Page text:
10:40 AM -- I got my first Nigerian spam message back in the late 1990s. It was long and involved, in broken English. It explained how the sender was looking to get hundreds of thousands of dollars out of the country, and I could make a bundle if I would only send a few hundred to cover his expenses.
And you know what? Nearly a decade later, I'm still getting those same messages. Sure, most of them get screened by my spam filter now, but those Nigerians are still trying, still hoping to get me to send those few hundred bucks. And I can't help but wonder: How long will this go on? Don't the cops ever catch these guys?
Well, on Christmas Eve, I (and a few million other spam victims) finally got my wish. U.S. authorities in St. Louis reported that they have received a guilty plea from a Nigerian man, Femi Ikuopenikan, who admitted to helping to steal $115,000 from a pair of brothers who had been told online that they would receive millions from Nigeria.
According to prosecutors and wire reports, Ikuopenikan worked for a group of criminals who had set up a bogus Internet-based bank called Hallmark Trust Financial. In 2003, the group promised one of the brothers that he could earn $6.7 million by transferring some money to its spurious bank account, the reports say. The brothers took the bait and sent six figures to the account, receiving nothing in return.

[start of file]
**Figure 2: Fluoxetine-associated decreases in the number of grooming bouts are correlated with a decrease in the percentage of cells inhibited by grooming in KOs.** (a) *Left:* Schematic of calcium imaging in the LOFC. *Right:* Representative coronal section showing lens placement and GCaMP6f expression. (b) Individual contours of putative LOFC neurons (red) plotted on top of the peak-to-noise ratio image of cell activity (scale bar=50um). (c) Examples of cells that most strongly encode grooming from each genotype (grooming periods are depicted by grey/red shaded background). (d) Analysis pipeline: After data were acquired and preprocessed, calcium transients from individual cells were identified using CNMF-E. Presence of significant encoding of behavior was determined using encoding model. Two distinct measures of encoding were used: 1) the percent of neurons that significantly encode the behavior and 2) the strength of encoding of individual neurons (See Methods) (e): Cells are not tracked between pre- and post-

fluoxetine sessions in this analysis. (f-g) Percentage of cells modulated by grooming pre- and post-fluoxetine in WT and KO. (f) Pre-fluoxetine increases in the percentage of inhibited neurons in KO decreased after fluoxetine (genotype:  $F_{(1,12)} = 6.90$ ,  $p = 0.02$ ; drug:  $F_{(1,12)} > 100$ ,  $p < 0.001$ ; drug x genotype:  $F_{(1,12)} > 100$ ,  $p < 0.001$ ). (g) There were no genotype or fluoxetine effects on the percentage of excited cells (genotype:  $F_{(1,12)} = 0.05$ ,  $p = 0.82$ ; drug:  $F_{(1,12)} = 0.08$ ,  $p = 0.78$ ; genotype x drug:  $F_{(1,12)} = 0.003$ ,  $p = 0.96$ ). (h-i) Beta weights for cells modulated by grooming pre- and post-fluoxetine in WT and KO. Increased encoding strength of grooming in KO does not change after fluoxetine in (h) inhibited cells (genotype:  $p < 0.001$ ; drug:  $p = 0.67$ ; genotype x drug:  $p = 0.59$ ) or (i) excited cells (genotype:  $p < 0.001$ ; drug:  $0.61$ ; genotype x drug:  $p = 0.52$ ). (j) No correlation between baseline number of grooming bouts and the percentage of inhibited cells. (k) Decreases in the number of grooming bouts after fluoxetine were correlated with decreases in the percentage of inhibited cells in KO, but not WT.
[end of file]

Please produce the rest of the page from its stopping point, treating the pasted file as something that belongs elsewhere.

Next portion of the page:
Ikuopenikan's lawyer is painting his client as a mere foot soldier in the phishing gang, but he's got pretty quick feet. The scammer was originally arrested in Houston, but fled to Canada after posting bail and was brought back to the U.S. in November.
With the guilty plea, we can finally say that somebody's been convicted in the age-old Nigerian scam, and with such a prevalent exploit, you'd think there'd be a big penalty. But no such luck -- Ikuopenikan faces a maximum of five years in jail, and he'll probably get two or less, the reports say.
What's wrong with this picture? Law enforcement finally has a conviction in one of the industry's oldest and most annoying spam scams, and he's only going to get two years? Why don't we just print fliers and drop them over Nigeria, inviting them to spam us some more?
The problem is that the Nigerian scam is so easy to pull off. The Nigerian government isn't much interested in prosecuting the attackers, because their "victims" are essentially agreeing to help embezzle money from its coffers. U.S. officials typically have trouble pinpointing the attackers, because they're spread out all over the world. And even though most users know enough not to open these barely-disguised scams, the criminals still stand to make a ton of money from the boneheads who fall for this shtick.
In a nutshell, it all means that despite this week's conviction, the Nigerian scams will likely keep occurring -- no matter how old it's gotten. As long as there are stupid people in the world, these attacks are still good business.
I'd write more, but I've got to go. I've got a full spam filter to clean out.
Tim Wilson, Site Editor, Dark Reading